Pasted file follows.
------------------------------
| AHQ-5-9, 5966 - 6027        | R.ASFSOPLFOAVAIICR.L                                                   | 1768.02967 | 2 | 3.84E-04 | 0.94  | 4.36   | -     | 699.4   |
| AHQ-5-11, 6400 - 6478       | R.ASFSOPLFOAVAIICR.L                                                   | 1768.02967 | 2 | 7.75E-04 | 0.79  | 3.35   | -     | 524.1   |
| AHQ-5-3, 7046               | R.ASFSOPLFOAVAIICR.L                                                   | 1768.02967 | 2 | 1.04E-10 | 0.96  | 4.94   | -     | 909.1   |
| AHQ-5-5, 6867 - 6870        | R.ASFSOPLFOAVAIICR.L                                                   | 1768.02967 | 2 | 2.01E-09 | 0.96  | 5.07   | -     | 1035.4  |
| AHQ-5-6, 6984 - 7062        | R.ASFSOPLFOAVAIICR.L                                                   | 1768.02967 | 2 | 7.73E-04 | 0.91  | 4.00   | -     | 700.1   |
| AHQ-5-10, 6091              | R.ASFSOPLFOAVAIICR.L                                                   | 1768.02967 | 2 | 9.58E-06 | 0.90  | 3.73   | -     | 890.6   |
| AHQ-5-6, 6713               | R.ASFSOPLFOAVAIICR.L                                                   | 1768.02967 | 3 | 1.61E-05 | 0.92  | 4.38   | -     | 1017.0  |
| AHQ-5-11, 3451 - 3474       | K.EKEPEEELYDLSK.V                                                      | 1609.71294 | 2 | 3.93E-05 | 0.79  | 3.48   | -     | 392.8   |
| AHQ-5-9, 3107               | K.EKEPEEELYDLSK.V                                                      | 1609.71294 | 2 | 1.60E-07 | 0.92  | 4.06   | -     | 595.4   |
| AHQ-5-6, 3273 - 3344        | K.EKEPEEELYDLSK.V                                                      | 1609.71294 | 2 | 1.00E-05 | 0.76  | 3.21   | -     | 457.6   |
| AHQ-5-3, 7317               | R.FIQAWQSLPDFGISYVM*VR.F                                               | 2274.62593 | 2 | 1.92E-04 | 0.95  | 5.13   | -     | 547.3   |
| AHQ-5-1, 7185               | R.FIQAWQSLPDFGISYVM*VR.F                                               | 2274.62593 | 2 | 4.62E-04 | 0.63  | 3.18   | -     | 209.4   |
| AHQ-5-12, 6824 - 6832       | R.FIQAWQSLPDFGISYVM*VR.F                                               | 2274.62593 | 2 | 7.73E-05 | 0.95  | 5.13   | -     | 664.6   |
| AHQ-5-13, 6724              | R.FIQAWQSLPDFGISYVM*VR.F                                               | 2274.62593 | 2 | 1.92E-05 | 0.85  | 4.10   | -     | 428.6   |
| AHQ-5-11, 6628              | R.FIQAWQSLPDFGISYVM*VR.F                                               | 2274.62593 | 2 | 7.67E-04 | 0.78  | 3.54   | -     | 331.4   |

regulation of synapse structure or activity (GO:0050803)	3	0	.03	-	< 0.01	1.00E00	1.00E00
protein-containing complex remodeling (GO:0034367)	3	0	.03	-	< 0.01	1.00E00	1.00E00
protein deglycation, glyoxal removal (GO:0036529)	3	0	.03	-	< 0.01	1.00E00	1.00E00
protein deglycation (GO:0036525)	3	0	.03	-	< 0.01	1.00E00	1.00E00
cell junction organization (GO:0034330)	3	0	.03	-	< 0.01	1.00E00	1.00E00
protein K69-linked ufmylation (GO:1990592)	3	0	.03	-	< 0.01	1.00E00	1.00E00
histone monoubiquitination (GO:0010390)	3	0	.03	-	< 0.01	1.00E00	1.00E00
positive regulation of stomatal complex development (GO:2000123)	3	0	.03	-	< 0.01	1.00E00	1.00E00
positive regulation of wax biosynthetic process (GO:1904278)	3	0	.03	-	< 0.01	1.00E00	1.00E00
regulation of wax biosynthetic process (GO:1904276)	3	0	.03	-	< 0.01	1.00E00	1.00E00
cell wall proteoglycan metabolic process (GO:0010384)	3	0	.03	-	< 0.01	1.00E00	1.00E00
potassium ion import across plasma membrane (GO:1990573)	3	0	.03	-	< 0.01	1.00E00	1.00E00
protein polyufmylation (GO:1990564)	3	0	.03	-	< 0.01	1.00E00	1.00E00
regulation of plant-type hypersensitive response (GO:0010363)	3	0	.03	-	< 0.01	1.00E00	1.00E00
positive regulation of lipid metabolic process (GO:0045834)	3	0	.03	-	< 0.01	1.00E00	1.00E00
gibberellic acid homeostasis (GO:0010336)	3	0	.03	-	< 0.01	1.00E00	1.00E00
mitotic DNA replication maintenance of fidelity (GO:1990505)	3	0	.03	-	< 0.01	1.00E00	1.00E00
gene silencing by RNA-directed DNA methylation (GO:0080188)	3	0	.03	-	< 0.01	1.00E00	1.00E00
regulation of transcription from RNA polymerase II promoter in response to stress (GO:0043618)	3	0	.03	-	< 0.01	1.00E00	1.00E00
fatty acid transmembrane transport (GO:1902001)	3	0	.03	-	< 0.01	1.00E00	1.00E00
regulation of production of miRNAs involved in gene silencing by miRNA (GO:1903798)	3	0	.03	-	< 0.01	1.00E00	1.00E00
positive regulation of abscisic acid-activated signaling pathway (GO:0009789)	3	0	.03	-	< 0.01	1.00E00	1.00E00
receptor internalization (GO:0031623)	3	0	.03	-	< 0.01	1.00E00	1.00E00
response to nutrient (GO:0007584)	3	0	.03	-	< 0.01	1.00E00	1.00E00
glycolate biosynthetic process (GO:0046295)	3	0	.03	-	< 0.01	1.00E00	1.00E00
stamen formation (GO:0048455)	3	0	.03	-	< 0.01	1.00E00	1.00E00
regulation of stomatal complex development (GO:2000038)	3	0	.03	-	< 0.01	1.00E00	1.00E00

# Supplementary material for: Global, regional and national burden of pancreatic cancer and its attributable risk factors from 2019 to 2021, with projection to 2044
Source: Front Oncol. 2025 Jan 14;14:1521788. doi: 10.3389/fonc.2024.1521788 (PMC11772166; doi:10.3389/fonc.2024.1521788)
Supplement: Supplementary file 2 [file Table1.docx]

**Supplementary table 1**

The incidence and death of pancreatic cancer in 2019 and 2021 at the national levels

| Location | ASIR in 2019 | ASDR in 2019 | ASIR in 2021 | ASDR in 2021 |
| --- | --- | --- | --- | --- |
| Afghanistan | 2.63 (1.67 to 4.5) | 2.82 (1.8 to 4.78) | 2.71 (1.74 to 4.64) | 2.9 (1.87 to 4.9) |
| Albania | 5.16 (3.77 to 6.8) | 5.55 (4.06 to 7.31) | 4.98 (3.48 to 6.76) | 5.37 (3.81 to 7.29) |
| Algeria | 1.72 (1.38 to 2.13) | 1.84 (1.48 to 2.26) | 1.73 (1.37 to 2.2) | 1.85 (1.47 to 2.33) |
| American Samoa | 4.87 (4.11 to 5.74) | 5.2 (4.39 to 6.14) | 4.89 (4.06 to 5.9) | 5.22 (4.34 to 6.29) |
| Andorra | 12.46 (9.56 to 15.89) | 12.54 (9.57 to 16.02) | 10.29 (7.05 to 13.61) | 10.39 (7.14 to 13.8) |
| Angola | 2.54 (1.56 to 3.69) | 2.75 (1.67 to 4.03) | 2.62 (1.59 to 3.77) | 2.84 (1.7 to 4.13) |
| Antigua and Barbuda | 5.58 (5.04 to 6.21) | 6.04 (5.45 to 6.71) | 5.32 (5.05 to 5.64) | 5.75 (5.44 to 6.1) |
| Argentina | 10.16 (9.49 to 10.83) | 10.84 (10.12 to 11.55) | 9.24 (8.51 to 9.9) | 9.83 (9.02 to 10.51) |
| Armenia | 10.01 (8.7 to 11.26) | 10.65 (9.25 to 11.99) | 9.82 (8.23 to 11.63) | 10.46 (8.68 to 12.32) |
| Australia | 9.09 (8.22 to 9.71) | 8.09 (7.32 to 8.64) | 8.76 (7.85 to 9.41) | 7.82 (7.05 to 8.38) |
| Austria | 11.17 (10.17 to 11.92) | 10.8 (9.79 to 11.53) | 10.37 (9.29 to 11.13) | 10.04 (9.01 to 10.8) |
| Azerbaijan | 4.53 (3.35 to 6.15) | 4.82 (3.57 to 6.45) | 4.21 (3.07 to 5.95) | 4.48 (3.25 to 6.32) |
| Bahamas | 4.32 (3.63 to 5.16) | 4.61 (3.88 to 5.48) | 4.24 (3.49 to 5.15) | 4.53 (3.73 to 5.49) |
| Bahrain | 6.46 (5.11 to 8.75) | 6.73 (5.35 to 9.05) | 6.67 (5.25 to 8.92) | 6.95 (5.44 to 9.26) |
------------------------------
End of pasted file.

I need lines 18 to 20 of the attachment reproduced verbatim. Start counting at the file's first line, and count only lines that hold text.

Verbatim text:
protein deglycation, glyoxal removal (GO:0036529)	3	0	.03	-	< 0.01	1.00E00	1.00E00
protein deglycation (GO:0036525)	3	0	.03	-	< 0.01	1.00E00	1.00E00
cell junction organization (GO:0034330)	3	0	.03	-	< 0.01	1.00E00	1.00E00